There is a modern tendency to attribute all experiences that are mysterious, intuitive, unusual, or simply not understood to the workings of an unconscious mind. Yet an understanding, or even a good definition, of the “unconscious” is lacking. For example, a typical definition1 of the unconscious describes processes which “do not influence subjective experience in a way that [a person] can directly detect, understand, or report the occurrence or nature of these events”. This conflates the notion of subliminal stimuli, self-reflective processes, and the ability to articulate (usually linguistically) such processes. While it's relatively easy to demonstrate that subliminal stimuli rarely reach conscious awareness, I question whether “unconscious” is a good term to describe either a lack of self-understanding or an inability to articulate some aspects of mental life. Instead, I suggest that the confusion arises because of the focus on linguistic aspects of thought, along with the implicit notion that something that cannot be expressed in words is therefore inaccessible to the conscious mind. I think a better model is to consider that we have two discrete modes of thinking, both conscious, both operating and interacting in parallel. One mode is the language-based thinking that we tend to think of as being the conscious mind: “outward” looking and structured by learned syntax and social interaction. It has become the dominant mode, associated with science, rationality, and “civilised” ways of being. The other is a non- (or pre-) linguistic mode: “inward” looking and structured on the way our body communicates directly with itself and with its environment. It is associative, idiosyncratic, non-linear, more fluid and dynamic. While this mode of thinking has generally seen as part of the unconscious, it is still conscious and accessible – many of us have just been taught to neglect it, to devalue it except in its socially acceptable forms: creativity, artistic expression, and so on. Yet there are specific circumstances in which the two modes become more balanced, providing evidence for, and demonstrating the benefits of, recognising both. One of these is the way in which humans respond to natural environments, where the fractal patterns we sense resonate within us to trigger powerful, unlearned states of mind that are associated with enhanced cognitive abilities, increased creativity, and therapeutic effects. Another is in the realm of hypnosis, where beneficial change is brought about within the twilight zone where linguistic and non-linguistic modes meet. The hypnotisee allows the hypnotist to take on the role of the linguistic mind, allowing them greater focus on the non-linguistic. Then, the hypnotist, by playing with rhythm and tone, using the language of childhood (those early learned words which map more directly into the pre-linguistic mode) and associative suggestions, encourages a journey inward to an imagined otherworld in which transformation is possible. Using both of the above examples, I will highlight some of the techniques that can encourage a rebalancing of linguistic and non-linguistic modes, whether these are used for experiential explorations, within a therapeutic context, or as educational tools.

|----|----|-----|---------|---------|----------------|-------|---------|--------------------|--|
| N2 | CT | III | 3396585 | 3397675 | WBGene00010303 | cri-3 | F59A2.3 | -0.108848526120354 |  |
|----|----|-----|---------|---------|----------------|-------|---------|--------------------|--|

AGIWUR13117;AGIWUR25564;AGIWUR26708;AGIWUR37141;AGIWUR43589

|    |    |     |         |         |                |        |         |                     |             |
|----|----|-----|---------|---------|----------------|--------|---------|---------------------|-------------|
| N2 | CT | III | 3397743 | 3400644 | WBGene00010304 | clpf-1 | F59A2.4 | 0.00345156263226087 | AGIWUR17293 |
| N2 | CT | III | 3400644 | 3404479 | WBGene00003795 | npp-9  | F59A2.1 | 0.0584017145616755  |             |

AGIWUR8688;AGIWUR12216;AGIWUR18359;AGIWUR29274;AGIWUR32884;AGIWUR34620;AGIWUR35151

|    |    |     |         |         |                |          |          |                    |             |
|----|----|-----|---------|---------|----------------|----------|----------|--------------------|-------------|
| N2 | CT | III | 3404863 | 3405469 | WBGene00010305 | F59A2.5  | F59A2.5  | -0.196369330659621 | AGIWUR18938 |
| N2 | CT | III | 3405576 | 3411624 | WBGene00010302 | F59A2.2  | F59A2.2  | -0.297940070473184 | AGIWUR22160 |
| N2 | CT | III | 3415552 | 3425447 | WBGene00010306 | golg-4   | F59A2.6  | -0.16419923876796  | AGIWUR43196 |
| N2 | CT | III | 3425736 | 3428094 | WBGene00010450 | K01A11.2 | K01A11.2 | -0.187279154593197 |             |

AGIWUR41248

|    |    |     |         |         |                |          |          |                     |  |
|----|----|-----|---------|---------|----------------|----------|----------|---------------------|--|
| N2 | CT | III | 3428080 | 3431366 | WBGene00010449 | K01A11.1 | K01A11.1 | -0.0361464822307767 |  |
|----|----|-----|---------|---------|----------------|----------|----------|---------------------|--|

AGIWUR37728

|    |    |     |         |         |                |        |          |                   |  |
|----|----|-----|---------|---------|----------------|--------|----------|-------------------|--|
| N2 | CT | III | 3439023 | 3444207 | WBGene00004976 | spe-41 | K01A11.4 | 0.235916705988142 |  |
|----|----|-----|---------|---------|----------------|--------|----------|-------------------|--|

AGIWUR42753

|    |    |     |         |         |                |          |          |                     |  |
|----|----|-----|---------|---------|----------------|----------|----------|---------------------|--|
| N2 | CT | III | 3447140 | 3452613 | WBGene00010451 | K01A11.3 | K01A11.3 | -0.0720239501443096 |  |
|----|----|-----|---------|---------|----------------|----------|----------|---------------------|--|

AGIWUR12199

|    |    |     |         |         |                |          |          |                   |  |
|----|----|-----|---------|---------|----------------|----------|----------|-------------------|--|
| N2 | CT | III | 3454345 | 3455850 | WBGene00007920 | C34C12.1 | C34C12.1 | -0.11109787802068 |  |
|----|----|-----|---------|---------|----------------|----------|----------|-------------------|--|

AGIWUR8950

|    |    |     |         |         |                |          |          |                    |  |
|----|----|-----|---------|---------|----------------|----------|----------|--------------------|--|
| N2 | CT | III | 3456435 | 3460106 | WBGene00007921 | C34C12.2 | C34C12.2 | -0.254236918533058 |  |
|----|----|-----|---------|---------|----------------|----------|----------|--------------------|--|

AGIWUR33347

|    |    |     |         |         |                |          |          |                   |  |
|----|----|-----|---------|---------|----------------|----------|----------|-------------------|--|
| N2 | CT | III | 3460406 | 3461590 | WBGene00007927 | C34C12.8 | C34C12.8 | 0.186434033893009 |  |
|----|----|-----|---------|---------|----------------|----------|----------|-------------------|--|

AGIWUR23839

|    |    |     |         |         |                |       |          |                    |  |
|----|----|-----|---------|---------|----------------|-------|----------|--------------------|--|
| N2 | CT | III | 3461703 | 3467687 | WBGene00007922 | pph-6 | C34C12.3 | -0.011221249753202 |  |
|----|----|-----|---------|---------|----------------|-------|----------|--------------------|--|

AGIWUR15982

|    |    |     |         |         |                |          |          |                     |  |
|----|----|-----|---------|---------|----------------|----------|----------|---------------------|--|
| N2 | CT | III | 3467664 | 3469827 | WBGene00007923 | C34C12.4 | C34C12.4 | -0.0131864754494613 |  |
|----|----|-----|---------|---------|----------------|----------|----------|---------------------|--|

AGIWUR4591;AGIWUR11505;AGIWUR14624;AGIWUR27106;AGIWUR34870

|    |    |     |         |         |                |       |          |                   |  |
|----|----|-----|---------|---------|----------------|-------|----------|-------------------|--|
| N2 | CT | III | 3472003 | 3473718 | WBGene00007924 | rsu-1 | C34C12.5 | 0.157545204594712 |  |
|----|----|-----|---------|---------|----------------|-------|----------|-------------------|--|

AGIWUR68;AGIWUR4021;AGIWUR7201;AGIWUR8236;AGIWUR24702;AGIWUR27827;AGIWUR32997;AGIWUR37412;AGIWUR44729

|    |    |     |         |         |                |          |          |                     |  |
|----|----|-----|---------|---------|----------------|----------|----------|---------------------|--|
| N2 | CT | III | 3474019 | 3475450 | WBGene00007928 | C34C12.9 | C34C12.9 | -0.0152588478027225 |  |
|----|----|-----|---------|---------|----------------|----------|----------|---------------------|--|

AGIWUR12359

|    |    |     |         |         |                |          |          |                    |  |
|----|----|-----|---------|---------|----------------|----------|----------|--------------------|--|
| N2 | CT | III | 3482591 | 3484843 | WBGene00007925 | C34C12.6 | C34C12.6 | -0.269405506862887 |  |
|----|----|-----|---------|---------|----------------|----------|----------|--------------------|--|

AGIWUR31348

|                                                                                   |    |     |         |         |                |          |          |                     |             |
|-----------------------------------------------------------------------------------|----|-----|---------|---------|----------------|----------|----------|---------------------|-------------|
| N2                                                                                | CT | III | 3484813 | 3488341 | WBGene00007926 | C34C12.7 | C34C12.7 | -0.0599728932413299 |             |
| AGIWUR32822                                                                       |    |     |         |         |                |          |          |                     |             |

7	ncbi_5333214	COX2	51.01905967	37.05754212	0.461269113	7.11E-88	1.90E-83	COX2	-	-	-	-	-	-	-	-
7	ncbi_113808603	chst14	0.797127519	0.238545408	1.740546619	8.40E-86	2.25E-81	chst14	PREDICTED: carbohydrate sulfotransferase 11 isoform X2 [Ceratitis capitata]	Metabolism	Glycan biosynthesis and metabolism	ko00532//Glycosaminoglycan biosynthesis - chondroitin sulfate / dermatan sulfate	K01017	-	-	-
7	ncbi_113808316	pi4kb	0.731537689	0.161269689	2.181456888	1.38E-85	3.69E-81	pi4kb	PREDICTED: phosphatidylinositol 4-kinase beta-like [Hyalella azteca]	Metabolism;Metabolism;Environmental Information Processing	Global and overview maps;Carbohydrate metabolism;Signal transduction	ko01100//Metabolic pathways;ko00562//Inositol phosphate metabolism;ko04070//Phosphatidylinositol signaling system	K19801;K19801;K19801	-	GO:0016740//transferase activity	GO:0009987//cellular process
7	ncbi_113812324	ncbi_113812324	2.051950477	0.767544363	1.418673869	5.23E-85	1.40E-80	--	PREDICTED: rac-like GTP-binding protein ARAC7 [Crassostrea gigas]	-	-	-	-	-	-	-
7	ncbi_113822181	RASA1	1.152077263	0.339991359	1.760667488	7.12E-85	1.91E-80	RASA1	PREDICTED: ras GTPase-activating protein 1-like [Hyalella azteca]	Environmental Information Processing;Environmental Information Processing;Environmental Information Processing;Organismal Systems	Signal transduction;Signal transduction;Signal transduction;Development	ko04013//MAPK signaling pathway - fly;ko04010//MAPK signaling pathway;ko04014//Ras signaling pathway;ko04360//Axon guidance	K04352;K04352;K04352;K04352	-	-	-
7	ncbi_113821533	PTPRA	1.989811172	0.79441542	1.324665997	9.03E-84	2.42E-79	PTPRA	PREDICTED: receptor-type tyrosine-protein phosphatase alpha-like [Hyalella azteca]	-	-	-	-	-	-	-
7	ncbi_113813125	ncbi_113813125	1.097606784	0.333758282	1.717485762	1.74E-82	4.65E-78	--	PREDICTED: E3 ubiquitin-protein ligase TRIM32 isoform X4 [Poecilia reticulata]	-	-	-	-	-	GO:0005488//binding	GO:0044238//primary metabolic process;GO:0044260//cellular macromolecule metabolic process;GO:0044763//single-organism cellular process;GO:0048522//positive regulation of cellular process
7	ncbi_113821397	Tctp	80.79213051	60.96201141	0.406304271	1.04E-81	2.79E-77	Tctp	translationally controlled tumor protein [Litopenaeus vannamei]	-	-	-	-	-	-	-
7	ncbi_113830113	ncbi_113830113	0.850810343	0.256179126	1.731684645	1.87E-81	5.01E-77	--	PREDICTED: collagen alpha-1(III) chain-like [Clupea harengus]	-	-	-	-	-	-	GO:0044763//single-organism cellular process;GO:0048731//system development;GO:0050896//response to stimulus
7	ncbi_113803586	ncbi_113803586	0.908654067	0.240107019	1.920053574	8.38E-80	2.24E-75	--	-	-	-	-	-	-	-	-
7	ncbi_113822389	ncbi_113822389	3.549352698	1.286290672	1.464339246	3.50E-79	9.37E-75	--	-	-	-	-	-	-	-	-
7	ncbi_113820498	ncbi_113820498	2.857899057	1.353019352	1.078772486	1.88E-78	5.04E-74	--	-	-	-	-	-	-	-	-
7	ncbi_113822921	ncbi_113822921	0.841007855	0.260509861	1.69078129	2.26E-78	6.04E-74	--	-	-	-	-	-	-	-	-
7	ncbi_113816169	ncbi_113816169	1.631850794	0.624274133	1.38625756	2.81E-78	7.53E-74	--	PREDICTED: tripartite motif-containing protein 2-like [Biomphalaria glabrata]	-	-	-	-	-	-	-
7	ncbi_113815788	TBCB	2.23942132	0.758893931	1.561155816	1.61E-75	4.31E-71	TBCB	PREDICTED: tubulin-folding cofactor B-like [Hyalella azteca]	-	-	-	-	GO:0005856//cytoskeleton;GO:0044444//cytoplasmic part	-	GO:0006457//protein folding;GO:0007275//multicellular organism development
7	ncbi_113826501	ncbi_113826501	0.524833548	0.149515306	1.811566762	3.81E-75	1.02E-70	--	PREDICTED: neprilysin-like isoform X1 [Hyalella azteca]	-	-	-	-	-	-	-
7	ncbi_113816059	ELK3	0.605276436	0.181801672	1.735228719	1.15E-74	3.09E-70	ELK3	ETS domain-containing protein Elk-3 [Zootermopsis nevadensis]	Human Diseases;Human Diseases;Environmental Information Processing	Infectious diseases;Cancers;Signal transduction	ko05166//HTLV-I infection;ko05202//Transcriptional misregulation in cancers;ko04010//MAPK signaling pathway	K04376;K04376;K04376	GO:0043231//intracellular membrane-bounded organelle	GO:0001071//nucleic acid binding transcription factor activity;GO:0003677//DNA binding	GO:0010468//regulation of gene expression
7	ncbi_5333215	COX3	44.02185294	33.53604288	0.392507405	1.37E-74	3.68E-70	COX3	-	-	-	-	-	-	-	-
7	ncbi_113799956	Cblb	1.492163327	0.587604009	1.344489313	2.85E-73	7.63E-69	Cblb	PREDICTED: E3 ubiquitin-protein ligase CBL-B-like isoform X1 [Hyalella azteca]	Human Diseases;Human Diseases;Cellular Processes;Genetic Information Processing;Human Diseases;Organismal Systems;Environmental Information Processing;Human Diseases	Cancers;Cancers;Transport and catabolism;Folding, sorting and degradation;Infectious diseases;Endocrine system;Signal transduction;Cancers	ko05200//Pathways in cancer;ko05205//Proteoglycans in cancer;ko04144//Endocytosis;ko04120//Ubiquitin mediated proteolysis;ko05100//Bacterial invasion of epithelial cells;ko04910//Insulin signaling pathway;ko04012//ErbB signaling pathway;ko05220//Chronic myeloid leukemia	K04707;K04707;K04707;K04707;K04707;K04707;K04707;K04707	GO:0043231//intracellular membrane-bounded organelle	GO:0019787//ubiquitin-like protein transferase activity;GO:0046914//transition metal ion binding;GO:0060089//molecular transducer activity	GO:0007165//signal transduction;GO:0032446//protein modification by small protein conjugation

There is a modern tendency to attribute all experiences that are mysterious, intuitive, unusual, or simply not understood to the workings of an unconscious mind. Yet an understanding, or even a good definition, of the “unconscious” is lacking. For example, a typical definition1 of the unconscious describes processes which “do not influence subjective experience in a way that [a person] can directly detect, understand, or report the occurrence or nature of these events”. This conflates the notion of subliminal stimuli, self-reflective processes, and the ability to articulate (usually linguistically) such processes. While it's relatively easy to demonstrate that subliminal stimuli rarely reach conscious awareness, I question whether “unconscious” is a good term to describe either a lack of self-understanding or an inability to articulate some aspects of mental life. Instead, I suggest that the confusion arises because of the focus on linguistic aspects of thought, along with the implicit notion that something that cannot be expressed in words is therefore inaccessible to the conscious mind.